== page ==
In its top story Tuesday, covered the Senate’s jockeying over a bill to extend unemployment benefits. Readers found out about the chances for passage of the measure, which will affect 1.3 million unemployed workers and cost $6.4 billion. And at the bottom of the story, in a section titled “Around the Web,” they also found links to some other stories:

●“Chuck Norris Listed His Dallas Home for Sale: Check Out Inside.”

●“How This Comedian Got ‘Accidentally’ Pregnant.”

● “In Case You Forgot How Beautiful Erin Andrews Is.”

The headlines appeared within Politico’s regular news reports. But Politico’s editors had no role in selecting the links or the thumbnail photos that illustrated them. A robot did.

Such links, which appear on hundreds of news sites, including CNN and The Washington Post, are the work of a “news discovery” company called Taboola. The company acts as a middleman between a Web site, such as Politico, and other sites that want to attract Politico’s readers. At regular intervals, Taboola’s computers feed new headlines and photos into the “Around the Web” sections from an inventory of articles, photo galleries and videos supplied by these third-party sites.

When a reader clicks on one of the “Around the Web” links, Taboola and Politico receive a few pennies from the originating Web site. The pennies add up: The payments from Taboola-fed links are “an effective source of additional online revenue,” said Sara Olson, Politico’s vice president of marketing, though she won’t say just how “effective.”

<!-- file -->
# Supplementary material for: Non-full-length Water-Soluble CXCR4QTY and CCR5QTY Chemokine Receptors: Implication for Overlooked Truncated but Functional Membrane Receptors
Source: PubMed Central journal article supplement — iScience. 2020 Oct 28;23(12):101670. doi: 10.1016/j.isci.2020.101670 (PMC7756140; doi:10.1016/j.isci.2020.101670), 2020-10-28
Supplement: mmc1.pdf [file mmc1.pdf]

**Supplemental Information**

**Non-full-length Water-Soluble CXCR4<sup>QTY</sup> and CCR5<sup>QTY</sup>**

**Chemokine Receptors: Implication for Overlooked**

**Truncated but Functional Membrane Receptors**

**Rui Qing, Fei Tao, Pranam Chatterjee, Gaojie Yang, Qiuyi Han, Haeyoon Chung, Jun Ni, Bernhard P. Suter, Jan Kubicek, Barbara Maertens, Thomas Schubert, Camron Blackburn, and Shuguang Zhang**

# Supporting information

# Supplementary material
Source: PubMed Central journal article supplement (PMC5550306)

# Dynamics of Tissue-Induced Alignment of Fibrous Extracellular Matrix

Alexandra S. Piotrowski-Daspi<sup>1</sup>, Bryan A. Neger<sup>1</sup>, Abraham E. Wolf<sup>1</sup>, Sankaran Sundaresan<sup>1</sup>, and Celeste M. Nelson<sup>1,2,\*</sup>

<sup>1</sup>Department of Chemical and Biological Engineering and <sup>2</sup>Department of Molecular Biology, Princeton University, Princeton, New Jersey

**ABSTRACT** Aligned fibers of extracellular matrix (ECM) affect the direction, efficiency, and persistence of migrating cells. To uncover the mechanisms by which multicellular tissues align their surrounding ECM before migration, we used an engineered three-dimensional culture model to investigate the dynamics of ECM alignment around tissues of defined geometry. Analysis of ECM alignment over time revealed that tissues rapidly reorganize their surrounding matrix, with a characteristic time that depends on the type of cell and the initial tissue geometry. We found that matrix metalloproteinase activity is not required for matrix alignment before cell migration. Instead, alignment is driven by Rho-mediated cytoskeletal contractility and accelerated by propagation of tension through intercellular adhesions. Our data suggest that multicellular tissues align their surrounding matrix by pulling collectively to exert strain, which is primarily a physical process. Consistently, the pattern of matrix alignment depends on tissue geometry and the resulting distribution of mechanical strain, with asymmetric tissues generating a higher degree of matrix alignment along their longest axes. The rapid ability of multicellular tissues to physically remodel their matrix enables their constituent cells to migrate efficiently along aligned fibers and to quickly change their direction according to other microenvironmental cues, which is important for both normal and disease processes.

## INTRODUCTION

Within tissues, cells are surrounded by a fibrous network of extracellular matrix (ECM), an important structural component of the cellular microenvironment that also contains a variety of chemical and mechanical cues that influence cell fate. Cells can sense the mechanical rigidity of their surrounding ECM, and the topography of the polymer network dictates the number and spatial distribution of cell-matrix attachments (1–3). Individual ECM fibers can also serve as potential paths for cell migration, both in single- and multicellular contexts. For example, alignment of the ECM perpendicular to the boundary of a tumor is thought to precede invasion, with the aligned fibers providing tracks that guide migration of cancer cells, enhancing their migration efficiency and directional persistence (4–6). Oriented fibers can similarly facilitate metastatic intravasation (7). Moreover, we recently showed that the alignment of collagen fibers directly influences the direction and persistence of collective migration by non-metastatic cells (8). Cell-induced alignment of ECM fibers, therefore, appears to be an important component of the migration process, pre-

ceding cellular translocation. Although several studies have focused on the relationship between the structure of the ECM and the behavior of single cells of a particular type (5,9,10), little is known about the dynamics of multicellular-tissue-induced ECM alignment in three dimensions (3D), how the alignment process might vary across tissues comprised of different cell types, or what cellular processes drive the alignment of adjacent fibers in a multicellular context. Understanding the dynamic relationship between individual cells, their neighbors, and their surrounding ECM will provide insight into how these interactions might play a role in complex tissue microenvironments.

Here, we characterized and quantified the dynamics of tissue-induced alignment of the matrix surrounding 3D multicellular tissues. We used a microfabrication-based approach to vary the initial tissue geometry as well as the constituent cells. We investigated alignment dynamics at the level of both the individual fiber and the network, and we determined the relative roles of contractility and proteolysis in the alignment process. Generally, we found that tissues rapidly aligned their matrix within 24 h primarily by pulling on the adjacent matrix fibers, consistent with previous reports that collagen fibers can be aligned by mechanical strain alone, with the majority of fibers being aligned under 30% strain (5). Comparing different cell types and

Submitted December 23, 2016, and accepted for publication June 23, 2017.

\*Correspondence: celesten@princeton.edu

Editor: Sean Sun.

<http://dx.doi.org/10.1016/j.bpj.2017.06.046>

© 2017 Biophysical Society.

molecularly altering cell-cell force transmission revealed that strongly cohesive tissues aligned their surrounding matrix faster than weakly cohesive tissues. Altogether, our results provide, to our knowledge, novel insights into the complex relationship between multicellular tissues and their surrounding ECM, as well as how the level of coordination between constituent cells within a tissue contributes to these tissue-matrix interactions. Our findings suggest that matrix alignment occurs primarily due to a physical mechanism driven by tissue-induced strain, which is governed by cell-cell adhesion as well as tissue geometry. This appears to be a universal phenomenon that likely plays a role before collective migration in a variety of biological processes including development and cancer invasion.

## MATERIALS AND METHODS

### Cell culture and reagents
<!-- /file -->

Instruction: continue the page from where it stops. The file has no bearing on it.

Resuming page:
Politico is just one of the beneficiaries of this news-recommendation ecosystem, which has grown into a gigantic, if largely invisible, part of the digital news business. With millions of clicks each day, news recommendation engines drive swarms of readers to and from sites around the Internet. A handful of companies serve all those bottom-of-the-page come-ons — “Top 10 Sexiest Female Athletes of 2013” — to thousands of Web sites.

Taboola, founded in 2007, expects to generate $100 million in revenue this year, said its chief executive and founder, a former Israeli military intelligence officer named Adam Singolda. “Our vision is to change the way people around the world discover content they may like and never knew existed,” he said.

He seems to be well on his way to that goal. Singolda said that one-third of all American Internet users clicked on a Taboola-supplied link last month. Taboola’s main competitor, another Israeli start-up called Outbrain (both companies are now based in New York), served up links that were clicked 730 million times in December, said Rich Ullman, Outbrain’s vice president of marketing.

The recommendation engines do more than promote another site’s stories. Many of the links in those “Around the Web” and “Recommended for You” sections are for promotional content created by marketers, blurring the line between news and advertising.

“Which Country is Currently Leading the World in Innovation?” read one of the five “From Around the Web” links on this week. The link led not to a conventional news story, but to a video pitch for Merrill Lynch’s wealth management services.

The links on are “an advertising product,” said Emilio Garcia-Ruiz, The Post’s managing editor of digital news. “When you see big publishers in there, it’s because they paid Outbrain to promote their stories. Like with all advertising, if users complained about the appropriateness of an item, we would raise it with advertising.” But, he added, “I can’t remember it happening.”